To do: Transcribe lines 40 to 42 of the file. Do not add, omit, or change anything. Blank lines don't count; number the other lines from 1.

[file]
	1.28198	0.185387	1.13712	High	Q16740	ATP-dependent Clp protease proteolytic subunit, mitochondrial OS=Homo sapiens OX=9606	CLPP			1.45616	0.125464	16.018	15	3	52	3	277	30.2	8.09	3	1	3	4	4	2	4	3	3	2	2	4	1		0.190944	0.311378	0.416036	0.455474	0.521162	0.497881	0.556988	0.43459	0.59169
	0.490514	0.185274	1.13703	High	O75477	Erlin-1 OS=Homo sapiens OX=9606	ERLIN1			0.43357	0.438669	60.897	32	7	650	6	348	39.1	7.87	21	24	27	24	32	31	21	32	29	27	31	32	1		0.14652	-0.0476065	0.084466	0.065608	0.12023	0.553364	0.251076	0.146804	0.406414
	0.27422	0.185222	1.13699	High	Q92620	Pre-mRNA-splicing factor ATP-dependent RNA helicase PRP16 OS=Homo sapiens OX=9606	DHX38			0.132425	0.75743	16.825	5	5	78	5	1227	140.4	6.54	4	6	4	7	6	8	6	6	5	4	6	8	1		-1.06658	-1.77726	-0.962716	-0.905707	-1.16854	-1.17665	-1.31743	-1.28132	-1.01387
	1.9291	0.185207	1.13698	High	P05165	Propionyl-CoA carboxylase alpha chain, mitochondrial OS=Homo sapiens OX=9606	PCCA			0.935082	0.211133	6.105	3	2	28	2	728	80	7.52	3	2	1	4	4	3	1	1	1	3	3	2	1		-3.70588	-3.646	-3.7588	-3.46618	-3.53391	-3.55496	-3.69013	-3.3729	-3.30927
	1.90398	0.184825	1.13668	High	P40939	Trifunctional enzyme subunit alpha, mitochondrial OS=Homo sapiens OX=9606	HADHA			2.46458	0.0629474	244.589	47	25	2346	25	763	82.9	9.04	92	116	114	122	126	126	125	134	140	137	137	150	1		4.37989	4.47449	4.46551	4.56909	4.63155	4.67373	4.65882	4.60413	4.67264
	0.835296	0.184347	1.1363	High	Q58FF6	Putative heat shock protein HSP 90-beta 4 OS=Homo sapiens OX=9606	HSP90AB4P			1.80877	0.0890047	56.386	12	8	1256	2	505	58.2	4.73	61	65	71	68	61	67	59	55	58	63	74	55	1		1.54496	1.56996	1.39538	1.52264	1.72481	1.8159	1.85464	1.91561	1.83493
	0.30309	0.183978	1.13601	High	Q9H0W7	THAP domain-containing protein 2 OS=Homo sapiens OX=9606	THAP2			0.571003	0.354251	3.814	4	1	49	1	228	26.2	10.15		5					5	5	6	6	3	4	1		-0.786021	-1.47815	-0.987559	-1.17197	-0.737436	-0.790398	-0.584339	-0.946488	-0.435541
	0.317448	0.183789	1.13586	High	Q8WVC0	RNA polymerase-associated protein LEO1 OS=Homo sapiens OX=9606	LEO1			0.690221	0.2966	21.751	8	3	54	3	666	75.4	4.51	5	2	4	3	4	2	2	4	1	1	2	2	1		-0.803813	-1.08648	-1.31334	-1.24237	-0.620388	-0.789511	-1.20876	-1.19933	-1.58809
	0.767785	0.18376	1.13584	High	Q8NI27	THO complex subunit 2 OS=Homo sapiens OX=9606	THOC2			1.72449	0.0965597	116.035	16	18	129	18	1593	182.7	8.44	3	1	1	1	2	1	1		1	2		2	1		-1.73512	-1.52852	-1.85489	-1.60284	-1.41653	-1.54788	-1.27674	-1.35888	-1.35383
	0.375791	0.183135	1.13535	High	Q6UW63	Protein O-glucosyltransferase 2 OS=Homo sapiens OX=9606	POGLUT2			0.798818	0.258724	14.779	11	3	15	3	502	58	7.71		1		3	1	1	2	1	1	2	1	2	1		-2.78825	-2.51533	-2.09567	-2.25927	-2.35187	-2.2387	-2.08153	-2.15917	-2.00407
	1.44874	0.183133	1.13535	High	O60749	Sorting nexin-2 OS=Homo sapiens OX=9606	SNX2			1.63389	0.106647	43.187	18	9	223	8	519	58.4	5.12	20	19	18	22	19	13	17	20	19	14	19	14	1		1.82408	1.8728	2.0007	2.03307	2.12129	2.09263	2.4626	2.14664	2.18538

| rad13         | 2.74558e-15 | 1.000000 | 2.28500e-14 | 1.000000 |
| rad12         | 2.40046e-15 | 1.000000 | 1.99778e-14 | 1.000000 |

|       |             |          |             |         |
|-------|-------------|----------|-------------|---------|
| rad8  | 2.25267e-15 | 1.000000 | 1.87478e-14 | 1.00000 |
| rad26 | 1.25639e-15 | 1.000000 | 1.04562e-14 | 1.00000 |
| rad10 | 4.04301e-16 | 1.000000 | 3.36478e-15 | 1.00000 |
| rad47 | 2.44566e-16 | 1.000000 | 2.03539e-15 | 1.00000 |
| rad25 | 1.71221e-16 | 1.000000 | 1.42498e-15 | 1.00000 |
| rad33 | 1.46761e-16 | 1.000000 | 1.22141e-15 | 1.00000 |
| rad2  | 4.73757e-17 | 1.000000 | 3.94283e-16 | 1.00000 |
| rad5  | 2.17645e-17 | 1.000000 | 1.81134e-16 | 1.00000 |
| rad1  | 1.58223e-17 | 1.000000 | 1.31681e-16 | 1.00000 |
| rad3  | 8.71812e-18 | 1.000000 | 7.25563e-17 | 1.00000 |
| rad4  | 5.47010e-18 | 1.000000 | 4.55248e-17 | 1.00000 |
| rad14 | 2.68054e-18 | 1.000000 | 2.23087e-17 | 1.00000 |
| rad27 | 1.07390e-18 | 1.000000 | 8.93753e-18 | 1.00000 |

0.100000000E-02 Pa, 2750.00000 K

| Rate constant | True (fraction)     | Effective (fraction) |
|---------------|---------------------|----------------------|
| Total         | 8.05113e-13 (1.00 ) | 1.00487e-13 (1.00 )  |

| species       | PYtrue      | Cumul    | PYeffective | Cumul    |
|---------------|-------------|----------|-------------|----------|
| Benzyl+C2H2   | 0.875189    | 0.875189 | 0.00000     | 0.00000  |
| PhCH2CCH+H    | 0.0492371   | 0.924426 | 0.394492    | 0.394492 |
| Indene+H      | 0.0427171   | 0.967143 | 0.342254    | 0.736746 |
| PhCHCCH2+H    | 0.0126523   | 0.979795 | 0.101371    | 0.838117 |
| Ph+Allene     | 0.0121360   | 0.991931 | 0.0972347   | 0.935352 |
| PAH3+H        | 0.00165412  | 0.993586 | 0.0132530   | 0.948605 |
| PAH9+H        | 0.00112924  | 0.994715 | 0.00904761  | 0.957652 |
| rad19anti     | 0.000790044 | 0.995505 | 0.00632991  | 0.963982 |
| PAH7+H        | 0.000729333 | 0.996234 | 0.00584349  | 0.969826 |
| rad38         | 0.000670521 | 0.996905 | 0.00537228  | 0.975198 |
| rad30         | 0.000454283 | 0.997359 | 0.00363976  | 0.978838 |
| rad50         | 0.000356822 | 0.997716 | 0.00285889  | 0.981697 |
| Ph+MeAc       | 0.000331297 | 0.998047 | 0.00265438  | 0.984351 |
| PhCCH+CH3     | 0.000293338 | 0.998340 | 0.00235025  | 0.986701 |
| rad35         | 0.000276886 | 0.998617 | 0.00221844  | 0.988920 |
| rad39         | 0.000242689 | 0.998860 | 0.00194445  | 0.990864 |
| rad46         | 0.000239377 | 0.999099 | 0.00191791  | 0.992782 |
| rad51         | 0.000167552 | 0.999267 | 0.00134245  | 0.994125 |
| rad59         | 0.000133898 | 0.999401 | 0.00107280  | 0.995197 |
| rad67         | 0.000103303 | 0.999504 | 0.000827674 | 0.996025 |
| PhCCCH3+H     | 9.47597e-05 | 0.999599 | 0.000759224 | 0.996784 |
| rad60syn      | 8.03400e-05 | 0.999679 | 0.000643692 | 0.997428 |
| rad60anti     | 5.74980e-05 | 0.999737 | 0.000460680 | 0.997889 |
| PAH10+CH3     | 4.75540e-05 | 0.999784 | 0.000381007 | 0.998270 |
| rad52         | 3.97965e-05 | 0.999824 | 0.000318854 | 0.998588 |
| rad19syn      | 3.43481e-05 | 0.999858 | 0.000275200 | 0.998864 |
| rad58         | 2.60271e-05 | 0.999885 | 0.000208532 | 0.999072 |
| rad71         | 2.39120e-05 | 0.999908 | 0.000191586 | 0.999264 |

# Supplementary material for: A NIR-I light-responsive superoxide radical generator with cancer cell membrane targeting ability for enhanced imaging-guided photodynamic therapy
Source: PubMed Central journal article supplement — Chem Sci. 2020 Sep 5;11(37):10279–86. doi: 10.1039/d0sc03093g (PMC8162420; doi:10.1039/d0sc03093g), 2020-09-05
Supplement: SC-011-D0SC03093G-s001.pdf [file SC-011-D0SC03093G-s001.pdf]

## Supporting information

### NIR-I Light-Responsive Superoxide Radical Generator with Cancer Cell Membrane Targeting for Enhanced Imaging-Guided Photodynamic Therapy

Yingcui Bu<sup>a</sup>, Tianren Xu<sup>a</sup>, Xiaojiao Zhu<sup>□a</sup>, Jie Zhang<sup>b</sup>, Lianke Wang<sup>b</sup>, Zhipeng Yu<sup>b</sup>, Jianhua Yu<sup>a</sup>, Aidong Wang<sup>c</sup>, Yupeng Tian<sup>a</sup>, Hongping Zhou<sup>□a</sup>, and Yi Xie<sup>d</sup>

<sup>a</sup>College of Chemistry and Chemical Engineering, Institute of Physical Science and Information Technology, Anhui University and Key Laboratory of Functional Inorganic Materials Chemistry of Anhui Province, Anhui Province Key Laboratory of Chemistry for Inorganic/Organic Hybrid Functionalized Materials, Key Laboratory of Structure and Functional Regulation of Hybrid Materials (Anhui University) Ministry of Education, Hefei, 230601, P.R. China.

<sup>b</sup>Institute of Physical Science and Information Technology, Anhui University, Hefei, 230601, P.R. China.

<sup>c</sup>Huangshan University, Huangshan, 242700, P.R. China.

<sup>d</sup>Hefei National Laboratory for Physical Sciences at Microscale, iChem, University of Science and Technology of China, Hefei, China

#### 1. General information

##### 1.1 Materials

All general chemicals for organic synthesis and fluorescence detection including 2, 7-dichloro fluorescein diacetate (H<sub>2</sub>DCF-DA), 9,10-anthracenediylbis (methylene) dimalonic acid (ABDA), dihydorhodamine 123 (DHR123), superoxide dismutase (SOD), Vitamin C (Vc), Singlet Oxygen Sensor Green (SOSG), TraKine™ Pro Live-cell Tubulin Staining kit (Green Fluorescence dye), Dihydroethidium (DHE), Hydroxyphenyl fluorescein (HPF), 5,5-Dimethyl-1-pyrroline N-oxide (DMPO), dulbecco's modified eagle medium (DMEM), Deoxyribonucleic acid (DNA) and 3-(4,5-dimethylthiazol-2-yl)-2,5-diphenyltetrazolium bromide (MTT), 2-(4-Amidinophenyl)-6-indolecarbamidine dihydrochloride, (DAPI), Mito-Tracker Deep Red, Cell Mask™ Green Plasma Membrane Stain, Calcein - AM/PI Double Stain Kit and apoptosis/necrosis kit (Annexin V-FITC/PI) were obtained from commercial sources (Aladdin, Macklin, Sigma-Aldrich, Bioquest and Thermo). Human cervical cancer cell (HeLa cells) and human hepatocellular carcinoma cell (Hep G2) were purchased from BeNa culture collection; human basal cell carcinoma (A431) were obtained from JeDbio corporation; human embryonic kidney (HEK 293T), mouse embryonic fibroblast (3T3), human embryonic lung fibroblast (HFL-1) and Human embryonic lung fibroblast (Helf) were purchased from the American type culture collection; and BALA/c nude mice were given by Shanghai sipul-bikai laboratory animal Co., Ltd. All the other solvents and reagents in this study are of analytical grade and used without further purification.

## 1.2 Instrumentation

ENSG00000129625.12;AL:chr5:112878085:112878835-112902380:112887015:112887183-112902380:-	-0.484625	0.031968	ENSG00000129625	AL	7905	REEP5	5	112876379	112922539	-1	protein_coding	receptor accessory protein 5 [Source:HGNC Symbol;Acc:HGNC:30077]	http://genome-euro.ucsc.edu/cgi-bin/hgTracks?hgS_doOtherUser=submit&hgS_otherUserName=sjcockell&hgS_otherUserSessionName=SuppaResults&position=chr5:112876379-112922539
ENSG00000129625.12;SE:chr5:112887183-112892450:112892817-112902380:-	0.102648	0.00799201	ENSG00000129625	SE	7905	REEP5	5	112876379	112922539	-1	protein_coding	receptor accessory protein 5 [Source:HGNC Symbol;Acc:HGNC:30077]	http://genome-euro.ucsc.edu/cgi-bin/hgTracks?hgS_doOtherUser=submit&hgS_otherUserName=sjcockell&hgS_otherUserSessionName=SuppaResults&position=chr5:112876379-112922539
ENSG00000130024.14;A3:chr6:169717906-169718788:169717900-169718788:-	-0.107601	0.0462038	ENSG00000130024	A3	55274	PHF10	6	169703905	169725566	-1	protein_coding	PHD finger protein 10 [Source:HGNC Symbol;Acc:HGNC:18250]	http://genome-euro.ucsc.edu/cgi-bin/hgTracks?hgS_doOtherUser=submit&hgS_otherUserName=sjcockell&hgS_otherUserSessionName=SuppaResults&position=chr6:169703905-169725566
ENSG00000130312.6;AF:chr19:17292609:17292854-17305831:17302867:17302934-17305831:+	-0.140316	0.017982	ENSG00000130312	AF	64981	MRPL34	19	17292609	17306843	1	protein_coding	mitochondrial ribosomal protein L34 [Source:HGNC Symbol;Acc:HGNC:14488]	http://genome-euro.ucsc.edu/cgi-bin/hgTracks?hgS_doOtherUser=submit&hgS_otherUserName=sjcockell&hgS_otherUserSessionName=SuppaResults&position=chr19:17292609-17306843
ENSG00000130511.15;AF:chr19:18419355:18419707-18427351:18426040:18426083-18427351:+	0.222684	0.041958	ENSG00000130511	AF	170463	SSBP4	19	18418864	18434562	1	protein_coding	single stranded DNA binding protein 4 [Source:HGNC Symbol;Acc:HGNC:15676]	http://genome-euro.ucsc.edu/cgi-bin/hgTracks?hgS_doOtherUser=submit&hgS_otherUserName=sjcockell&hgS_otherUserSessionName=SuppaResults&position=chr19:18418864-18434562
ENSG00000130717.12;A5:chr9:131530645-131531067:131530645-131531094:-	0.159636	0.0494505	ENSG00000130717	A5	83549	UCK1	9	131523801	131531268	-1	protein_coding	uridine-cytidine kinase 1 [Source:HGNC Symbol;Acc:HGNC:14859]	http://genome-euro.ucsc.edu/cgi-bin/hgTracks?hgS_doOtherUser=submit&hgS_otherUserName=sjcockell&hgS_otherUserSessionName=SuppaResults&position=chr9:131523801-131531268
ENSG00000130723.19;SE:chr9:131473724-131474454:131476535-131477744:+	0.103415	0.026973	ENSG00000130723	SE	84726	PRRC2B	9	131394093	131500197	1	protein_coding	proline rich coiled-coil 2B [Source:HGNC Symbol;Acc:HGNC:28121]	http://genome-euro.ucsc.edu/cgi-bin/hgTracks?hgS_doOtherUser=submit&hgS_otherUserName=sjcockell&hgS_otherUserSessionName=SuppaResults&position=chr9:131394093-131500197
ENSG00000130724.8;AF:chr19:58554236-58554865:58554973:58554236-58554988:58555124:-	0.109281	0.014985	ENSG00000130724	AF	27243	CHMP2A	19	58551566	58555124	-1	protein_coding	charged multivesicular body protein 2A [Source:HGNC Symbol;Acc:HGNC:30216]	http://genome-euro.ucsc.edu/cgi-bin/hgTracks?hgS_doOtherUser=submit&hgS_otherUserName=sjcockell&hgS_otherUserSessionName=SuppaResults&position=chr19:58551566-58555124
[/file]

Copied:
| PAH3+H        | 0.00165412  | 0.993586 | 0.0132530   | 0.948605 |
| PAH9+H        | 0.00112924  | 0.994715 | 0.00904761  | 0.957652 |
| rad19anti     | 0.000790044 | 0.995505 | 0.00632991  | 0.963982 |